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The Life of the Pity Party

Jennifer Aniston’s strange run as America’s favorite spinster next door.

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Illustration by Kelsey Dake  

When Jennifer Aniston separated from Brad Pitt in 2005, US Weekly rushed out a mass-market paperback about the couple’s divorce titled Brad & Jen: The Rise and Fall of Hollywood’s Golden Couple. (Sample chapter title: “The Split Heard ’Round the World.”) It set the tone for the tabloid coverage of the only role she would play for the next seven years, a seemingly ceaseless stream of stories with headlines like OBSESSED WITH ANGIE!, I CAN’T STOP LOVING BRAD!, and JEN’S HEARTBREAK: DUMPED! Aniston appeared in more than a dozen movies during this period and added to the fortune she made on Friends, making an estimated $24.5 million in 2010 alone, according to Vanity Fair. She dated several handsome, notably tall actors and musicians—Vince Vaughn, John Mayer, Bradley Cooper—and, it seems safe to assume, had all sorts of expensive fun with them. But right until the news broke last week of her engagement to Justin Theroux, the celebrity-watching public knew her mostly as Sad Jen.

Cynics have suggested that Aniston played up her victimization, but aside from one ill-advised Vanity Fair interview (“Am I lonely? Yes. Am I upset? Yes. Am I confused? Yes…”), there’s little to substantiate the charge. If anything, what Aniston was a victim of was bad timing. She had the misfortune to have Pitt leaving her for Angelina Jolie just as celebrity journalism was metastasizing. With stars’ every movement fair game for the paparazzi, every image could in turn feed the master narrative: She wasn’t looking glum in that photo of her leaving a yoga class because she’d just been photographed against her wishes while makeup-less and sweaty; it was because she was realizing she was unlovable. It matters, too, that the post-Brad interregnum began as blogs were discovering that online, snark sells. Web archives can be spotty, but I swear I recall one blogger calling her “Eeyore,” the girl-next-door cover girl reduced to dysthymic donkey.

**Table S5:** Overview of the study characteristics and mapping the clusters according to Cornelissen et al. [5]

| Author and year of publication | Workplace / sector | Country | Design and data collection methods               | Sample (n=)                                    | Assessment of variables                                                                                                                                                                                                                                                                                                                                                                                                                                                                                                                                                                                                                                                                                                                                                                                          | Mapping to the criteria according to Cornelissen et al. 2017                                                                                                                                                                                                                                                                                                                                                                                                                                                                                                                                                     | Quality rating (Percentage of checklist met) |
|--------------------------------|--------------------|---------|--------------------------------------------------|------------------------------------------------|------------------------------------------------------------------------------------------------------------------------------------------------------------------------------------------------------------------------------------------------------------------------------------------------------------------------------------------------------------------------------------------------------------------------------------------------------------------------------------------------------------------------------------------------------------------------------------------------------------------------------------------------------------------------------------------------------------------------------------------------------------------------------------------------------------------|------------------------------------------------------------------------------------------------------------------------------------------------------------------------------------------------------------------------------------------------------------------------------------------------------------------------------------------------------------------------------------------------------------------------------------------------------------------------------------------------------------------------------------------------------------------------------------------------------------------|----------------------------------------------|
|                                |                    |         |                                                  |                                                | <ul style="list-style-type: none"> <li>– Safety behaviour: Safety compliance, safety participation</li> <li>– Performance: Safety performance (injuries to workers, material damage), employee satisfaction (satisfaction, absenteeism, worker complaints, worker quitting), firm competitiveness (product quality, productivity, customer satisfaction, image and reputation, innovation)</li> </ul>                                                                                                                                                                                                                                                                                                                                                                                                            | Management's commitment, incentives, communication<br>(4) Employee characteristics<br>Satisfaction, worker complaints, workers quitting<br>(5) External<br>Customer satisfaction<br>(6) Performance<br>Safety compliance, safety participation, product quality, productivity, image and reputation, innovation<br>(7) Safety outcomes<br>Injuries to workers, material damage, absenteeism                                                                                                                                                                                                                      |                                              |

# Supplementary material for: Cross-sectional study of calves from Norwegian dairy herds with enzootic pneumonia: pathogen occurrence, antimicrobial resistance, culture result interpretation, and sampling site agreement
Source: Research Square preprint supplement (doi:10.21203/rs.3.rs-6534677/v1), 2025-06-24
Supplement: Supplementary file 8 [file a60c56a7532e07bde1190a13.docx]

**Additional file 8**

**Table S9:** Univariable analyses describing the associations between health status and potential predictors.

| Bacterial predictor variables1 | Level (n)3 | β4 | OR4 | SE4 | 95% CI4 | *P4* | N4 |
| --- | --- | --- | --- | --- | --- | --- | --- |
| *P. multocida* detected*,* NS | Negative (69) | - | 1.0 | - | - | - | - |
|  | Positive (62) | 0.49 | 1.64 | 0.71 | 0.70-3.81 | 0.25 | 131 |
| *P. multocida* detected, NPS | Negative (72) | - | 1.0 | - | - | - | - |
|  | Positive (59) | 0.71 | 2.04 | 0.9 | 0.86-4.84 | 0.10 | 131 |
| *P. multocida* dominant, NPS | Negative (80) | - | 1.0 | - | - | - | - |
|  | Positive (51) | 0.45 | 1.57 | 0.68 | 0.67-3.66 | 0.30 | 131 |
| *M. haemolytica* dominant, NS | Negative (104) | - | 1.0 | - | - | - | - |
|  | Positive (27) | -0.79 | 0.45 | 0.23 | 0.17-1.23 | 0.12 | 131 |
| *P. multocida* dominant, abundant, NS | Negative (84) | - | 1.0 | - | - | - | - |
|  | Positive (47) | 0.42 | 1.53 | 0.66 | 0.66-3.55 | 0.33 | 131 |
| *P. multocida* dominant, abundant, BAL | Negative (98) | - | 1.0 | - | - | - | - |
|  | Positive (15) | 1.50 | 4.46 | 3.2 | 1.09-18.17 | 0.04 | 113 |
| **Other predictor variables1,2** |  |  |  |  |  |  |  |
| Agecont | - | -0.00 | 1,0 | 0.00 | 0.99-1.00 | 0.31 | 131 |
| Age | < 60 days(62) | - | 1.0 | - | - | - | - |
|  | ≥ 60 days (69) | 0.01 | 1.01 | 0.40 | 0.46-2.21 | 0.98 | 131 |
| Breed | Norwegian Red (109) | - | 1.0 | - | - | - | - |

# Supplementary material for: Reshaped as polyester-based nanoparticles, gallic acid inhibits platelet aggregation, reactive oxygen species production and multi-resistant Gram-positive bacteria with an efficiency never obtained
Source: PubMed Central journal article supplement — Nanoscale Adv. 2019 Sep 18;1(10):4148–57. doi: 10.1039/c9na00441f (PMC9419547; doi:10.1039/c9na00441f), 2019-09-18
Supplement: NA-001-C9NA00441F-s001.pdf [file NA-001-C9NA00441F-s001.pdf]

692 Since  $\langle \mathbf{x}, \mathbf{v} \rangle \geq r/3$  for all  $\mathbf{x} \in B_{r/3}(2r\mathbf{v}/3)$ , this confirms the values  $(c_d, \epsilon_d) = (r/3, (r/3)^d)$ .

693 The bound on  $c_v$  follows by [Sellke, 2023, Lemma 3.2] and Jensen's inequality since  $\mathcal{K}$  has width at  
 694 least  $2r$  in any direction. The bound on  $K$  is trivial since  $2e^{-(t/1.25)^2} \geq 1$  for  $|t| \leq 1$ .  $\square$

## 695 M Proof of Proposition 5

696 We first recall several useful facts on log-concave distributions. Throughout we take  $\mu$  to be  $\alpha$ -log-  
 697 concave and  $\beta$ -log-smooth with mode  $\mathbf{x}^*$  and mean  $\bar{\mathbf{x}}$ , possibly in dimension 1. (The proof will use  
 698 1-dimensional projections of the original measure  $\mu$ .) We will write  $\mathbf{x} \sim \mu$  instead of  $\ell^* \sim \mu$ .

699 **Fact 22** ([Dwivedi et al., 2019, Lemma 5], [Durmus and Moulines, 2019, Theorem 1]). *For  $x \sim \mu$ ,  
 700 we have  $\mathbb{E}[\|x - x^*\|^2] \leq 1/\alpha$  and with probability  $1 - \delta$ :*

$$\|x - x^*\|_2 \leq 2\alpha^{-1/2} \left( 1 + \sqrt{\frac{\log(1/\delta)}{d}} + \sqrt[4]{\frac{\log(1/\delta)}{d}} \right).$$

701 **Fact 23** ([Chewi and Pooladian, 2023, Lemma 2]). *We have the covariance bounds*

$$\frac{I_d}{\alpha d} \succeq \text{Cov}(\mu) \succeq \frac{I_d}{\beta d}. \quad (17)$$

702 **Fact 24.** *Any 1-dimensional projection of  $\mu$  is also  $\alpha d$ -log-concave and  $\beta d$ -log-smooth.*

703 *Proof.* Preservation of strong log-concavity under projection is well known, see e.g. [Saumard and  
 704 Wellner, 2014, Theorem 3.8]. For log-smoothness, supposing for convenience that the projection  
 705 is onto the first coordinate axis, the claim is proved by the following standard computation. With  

Then there was Aniston’s age at the time of the breakup. By dumping her at 35, Pitt had, through the tabloid lens, robbed her of the thing she surely wanted, the thing every All-American woman wants: children. She was an earlier iteration of the woman who can’t, it turns out, have it all, missing out on her prime mothering years while building a home with a man who then abandoned her for an exotic seductress who had once worn a vial of her former beau’s blood around her neck—an irresistible horror story. As the Brangelina brood grew to Brady Bunch proportions, Sad Jen was relegated to the realm of mopey spinsterdom.

At it happens, the demise of Sad Jen (or, at least, the evolution into Jen Who Has a Fiancé Now But Is Probably Still Empty Inside Because She Doesn’t Have Babies, Poor Thing) is timed nicely to coincide with the next generation’s celebrity cuckold: Robert Pattinson, whose high-profile split from vamp-harlot Kristen Stewart seems primed to create a new sad tabloid icon. Running with the part, he drowned his sorrows in a pint of ice cream served up by Jon Stewart. The only question is whether Sad Rob will sell as well as Sad Jen did.

Have good intel? Send tips to intel@nymag.com.


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